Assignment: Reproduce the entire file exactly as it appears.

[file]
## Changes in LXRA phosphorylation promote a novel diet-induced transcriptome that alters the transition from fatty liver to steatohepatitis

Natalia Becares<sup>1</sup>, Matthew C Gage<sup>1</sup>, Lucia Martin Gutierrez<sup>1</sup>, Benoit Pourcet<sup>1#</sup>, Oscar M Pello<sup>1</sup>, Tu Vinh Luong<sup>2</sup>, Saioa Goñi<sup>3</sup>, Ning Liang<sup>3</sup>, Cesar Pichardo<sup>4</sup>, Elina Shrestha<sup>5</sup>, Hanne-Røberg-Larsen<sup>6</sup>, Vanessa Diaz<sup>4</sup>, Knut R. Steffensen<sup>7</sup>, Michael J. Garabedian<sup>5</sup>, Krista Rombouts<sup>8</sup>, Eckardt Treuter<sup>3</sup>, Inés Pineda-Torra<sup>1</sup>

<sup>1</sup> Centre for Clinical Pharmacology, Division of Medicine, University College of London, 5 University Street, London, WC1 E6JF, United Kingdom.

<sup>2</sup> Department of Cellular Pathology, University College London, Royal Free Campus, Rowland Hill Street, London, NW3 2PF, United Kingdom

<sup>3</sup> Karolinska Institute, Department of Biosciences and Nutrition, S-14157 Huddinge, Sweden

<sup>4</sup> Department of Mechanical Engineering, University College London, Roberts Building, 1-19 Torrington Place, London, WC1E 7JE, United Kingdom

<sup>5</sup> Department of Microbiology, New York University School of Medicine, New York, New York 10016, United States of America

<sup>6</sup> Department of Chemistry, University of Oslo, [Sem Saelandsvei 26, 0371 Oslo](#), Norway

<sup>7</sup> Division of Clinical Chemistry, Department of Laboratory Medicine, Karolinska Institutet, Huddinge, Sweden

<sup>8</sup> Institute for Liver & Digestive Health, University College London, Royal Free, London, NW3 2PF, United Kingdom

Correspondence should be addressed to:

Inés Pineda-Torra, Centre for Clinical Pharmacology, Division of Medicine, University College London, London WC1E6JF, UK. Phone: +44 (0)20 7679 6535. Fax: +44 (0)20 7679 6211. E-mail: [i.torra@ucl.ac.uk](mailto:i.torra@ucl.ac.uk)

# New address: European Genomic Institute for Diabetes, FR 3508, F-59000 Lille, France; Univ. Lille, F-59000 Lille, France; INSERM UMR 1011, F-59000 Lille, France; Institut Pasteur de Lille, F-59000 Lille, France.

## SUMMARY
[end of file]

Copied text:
## Changes in LXRA phosphorylation promote a novel diet-induced transcriptome that alters the transition from fatty liver to steatohepatitis

Natalia Becares<sup>1</sup>, Matthew C Gage<sup>1</sup>, Lucia Martin Gutierrez<sup>1</sup>, Benoit Pourcet<sup>1#</sup>, Oscar M Pello<sup>1</sup>, Tu Vinh Luong<sup>2</sup>, Saioa Goñi<sup>3</sup>, Ning Liang<sup>3</sup>, Cesar Pichardo<sup>4</sup>, Elina Shrestha<sup>5</sup>, Hanne-Røberg-Larsen<sup>6</sup>, Vanessa Diaz<sup>4</sup>, Knut R. Steffensen<sup>7</sup>, Michael J. Garabedian<sup>5</sup>, Krista Rombouts<sup>8</sup>, Eckardt Treuter<sup>3</sup>, Inés Pineda-Torra<sup>1</sup>

<sup>1</sup> Centre for Clinical Pharmacology, Division of Medicine, University College of London, 5 University Street, London, WC1 E6JF, United Kingdom.

<sup>2</sup> Department of Cellular Pathology, University College London, Royal Free Campus, Rowland Hill Street, London, NW3 2PF, United Kingdom

<sup>3</sup> Karolinska Institute, Department of Biosciences and Nutrition, S-14157 Huddinge, Sweden

<sup>4</sup> Department of Mechanical Engineering, University College London, Roberts Building, 1-19 Torrington Place, London, WC1E 7JE, United Kingdom

<sup>5</sup> Department of Microbiology, New York University School of Medicine, New York, New York 10016, United States of America

<sup>6</sup> Department of Chemistry, University of Oslo, [Sem Saelandsvei 26, 0371 Oslo](#), Norway

<sup>7</sup> Division of Clinical Chemistry, Department of Laboratory Medicine, Karolinska Institutet, Huddinge, Sweden

<sup>8</sup> Institute for Liver & Digestive Health, University College London, Royal Free, London, NW3 2PF, United Kingdom

Correspondence should be addressed to:

Inés Pineda-Torra, Centre for Clinical Pharmacology, Division of Medicine, University College London, London WC1E6JF, UK. Phone: +44 (0)20 7679 6535. Fax: +44 (0)20 7679 6211. E-mail: [i.torra@ucl.ac.uk](mailto:i.torra@ucl.ac.uk)

# New address: European Genomic Institute for Diabetes, FR 3508, F-59000 Lille, France; Univ. Lille, F-59000 Lille, France; INSERM UMR 1011, F-59000 Lille, France; Institut Pasteur de Lille, F-59000 Lille, France.

## SUMMARY